In recent years strike indicators have become standard for fly fishing when specific depths are required for your flies. These indicators vary from small foam balls to miniature torpedo floats. I like to use Spin and Glo lures with their wings clipped as my floats, because they are highly visible, cast well, and are easily moved up and down my leader if I need to vary depths. Today, strike indicators are common for chironomid fishing for trout and for some steelhead or river salmon fly fishing situations.

Steelhead float fishing has given me a wealth of experiences - my intensity is such that at night I often fall asleep recalling the day's imprinting of the many float drifts on that particular day. My float fishing techniques have changed little from those I first tried decades ago. In fact, I float fish for steelhead in the same fashion that I did for trout and whitefish in North Okanagan rivers where I grew up. The only difference today lies with the artificial lures that I use.

While methods have not changed, floats have gone through a striking evolution; from cork to plastic; from balsam wood to foam. The most common float used today for steelheading is the 'dick' float, a six inch long foam tube, an economic rather than practical choice. Wood floats have become very pricey and plastic will break when it strikes river rocks - hence, we have small tubular foam floats as the replacement. However, I still prefer the teardrop torpedo wooden floats because they give me a greater view of that 'take' when it comes.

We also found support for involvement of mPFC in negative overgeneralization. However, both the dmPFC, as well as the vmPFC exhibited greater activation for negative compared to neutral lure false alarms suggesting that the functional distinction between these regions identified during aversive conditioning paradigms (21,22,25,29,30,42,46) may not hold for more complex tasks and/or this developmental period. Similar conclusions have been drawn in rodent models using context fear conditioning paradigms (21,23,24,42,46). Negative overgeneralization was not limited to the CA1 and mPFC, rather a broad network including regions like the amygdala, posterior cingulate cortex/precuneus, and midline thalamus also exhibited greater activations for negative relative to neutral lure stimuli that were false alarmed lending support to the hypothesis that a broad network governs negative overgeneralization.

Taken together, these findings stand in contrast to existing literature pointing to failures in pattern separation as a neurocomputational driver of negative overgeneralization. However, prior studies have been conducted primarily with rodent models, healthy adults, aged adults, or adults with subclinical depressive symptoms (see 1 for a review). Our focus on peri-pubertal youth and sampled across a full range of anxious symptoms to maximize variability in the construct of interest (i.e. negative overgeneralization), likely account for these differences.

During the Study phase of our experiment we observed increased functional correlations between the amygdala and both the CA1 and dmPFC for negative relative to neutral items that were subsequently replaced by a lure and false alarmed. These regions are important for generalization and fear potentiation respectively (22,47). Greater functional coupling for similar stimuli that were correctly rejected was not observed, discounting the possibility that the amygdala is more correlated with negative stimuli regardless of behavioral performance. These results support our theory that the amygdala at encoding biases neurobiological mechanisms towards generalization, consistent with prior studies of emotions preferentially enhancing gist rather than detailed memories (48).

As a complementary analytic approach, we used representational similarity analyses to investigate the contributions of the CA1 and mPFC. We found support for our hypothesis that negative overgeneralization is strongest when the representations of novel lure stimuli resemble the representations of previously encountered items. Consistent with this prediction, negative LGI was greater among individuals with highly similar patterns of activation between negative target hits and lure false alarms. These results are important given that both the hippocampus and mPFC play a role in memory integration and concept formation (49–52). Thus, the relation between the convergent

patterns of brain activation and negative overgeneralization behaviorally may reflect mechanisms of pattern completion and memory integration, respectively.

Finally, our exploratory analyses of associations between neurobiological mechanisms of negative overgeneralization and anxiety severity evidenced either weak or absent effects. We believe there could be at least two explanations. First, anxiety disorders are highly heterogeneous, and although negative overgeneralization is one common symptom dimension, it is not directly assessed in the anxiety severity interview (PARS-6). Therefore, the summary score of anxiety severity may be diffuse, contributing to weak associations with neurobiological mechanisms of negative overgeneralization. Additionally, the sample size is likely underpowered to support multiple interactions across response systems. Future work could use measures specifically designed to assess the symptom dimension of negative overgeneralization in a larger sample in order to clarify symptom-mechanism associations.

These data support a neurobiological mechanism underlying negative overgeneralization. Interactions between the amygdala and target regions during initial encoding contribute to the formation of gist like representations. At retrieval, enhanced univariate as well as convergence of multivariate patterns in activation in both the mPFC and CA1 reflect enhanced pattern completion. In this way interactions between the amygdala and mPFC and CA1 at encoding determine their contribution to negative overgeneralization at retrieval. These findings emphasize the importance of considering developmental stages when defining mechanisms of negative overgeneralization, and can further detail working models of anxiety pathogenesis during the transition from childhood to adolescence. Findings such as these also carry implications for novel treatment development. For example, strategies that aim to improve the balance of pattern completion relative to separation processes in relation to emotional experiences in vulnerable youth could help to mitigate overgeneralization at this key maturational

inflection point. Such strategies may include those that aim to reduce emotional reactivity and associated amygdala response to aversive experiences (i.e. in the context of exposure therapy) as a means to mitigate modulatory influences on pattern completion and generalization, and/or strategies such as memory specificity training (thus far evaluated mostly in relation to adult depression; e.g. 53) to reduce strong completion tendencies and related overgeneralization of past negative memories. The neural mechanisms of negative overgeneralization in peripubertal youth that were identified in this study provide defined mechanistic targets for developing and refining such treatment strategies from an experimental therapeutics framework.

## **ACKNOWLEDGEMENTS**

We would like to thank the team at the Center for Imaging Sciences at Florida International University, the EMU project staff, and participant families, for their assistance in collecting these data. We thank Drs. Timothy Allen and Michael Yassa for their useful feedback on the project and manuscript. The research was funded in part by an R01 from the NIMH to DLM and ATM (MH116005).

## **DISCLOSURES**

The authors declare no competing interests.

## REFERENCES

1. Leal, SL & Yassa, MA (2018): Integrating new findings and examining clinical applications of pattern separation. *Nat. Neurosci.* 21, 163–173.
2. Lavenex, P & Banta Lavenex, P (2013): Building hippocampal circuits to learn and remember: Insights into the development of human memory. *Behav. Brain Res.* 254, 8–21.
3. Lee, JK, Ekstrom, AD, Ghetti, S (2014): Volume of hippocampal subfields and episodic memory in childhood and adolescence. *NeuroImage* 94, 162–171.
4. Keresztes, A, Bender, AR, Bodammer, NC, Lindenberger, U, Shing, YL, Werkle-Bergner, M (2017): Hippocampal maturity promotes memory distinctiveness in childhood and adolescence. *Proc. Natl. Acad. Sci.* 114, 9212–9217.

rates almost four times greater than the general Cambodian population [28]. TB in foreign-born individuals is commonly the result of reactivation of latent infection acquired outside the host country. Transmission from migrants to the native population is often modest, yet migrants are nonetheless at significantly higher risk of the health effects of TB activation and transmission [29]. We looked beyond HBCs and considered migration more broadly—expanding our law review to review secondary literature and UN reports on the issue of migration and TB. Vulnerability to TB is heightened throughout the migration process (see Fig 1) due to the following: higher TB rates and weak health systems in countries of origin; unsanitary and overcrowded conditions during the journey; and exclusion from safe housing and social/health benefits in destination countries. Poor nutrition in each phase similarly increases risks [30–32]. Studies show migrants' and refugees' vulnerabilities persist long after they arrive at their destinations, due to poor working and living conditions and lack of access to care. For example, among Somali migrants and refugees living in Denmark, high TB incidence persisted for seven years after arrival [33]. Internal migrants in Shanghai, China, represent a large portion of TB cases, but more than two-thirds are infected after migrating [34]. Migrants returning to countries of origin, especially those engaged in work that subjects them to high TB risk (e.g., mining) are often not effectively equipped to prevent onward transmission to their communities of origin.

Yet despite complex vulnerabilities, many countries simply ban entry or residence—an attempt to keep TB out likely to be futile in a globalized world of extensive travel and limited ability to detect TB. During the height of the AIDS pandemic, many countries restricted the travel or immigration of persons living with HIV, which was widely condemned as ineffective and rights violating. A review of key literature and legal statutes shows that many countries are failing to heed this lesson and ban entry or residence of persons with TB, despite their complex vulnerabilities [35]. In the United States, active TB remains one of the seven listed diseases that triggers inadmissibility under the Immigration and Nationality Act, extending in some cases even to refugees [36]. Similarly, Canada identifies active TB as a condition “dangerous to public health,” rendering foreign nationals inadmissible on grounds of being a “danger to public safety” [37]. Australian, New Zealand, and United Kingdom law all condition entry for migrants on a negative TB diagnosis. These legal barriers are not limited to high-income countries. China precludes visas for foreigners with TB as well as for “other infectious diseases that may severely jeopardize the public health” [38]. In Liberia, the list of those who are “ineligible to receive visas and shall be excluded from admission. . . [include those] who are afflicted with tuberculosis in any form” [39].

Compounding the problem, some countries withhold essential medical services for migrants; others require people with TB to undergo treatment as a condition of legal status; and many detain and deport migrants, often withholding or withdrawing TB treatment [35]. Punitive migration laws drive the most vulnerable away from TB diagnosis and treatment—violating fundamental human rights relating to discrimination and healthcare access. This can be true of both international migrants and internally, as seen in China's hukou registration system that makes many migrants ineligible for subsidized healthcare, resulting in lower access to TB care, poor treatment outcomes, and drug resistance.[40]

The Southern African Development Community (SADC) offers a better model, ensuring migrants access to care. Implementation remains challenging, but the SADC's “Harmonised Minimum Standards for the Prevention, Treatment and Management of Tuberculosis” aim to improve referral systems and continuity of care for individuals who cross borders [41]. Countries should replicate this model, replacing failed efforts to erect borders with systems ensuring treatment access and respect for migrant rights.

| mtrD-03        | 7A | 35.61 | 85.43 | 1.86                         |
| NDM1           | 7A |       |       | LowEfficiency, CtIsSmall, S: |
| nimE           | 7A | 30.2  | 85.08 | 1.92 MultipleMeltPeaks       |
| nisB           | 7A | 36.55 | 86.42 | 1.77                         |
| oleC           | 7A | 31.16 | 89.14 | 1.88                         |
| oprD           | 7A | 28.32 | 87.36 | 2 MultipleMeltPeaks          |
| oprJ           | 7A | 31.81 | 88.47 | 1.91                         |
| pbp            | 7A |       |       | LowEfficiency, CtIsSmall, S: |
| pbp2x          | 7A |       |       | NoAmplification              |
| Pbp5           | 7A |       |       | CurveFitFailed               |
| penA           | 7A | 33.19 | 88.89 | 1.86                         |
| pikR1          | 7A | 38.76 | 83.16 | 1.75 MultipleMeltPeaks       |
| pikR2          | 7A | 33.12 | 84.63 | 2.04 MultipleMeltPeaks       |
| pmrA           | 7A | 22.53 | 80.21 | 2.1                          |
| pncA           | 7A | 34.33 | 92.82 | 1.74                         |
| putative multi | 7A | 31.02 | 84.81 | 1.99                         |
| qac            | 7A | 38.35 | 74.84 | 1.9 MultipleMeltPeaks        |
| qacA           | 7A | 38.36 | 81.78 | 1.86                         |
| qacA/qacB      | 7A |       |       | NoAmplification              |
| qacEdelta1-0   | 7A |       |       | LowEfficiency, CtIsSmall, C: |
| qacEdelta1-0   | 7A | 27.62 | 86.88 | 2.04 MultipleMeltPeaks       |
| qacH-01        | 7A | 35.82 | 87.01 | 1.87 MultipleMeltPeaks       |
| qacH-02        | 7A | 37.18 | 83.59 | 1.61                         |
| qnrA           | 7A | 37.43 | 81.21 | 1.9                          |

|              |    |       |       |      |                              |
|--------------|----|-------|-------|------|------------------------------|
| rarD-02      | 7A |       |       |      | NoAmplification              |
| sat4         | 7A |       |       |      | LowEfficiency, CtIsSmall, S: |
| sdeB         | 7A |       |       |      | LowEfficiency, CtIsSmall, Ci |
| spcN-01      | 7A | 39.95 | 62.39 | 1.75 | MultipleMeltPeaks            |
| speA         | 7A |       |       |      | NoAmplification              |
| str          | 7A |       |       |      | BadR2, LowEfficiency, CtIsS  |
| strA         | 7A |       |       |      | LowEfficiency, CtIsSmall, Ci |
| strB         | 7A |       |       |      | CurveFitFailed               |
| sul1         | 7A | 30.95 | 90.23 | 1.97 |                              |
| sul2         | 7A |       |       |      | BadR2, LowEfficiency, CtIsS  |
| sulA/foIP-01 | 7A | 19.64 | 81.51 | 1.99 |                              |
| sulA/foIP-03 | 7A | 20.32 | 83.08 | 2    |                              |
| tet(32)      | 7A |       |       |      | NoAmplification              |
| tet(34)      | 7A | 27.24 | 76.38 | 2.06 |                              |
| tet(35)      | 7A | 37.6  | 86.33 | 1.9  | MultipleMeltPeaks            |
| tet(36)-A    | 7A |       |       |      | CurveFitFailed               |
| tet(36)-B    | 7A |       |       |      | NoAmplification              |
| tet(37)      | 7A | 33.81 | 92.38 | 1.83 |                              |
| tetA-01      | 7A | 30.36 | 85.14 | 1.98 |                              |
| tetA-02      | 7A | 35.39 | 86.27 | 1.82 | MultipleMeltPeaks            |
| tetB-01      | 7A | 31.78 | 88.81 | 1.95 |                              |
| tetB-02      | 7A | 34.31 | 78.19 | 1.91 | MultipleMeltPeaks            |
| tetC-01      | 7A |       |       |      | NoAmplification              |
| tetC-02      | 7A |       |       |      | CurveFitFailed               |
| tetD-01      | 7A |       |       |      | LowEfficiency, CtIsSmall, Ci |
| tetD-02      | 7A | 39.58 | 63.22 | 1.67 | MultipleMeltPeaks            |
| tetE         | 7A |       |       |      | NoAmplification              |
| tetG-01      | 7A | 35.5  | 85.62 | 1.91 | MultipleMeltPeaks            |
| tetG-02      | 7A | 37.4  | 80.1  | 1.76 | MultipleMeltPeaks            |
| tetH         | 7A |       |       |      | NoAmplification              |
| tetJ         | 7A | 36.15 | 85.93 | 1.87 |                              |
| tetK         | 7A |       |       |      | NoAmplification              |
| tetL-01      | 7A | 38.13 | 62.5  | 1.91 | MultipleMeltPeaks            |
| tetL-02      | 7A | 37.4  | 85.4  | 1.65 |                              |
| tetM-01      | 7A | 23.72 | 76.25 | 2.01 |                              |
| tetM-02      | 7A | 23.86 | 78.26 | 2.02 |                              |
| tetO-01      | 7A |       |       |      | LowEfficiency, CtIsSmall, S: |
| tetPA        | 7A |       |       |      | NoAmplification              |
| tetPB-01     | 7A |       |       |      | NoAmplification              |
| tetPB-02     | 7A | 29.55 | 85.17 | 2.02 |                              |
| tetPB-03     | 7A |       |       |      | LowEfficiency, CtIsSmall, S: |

Sitting in your boat watching torpedo floats drift with the tides, knowing that at any moment a salmon will snatch your bait, has to be one of the most exciting float fishing experiences. I have done this on a number of occasions while I fish for feeding coho or chinooks using the same red-topped floats that I use for steelheading . It is always a heart-stopper when the float suddenly disappears and at times, even before you can grasp your rod, a chrome bright coho leaps and prances across the waters behind the boat. It is one float fishing experience that I would recommend all anglers try. I know that with your first fish you will be hooked.

Likely the most important aspect of float fishing is that it provides an excuse for an action filled family outdoor adventure with few snags. Casting floats is easy and requires only the basic fishing tackle. Lures can be natural, those found under logs or dug from the ground. But, best of all, when the fish are reluctant to bite, floats can be left, but, attended by those who still have a limited attention span. Then, when that red topped cork bobs, everyone can see and share in the action. Floats in all their variety provide a visual experience that few other fishing techniques can match. Next time you are on the water, experiment with a float, you may be astounded at how successful you can be.

Copyright Barry M. Thornton


Barry M. Thornton


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Writers:
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Ian Forbes
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Gordon Honey
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Fishing with Floats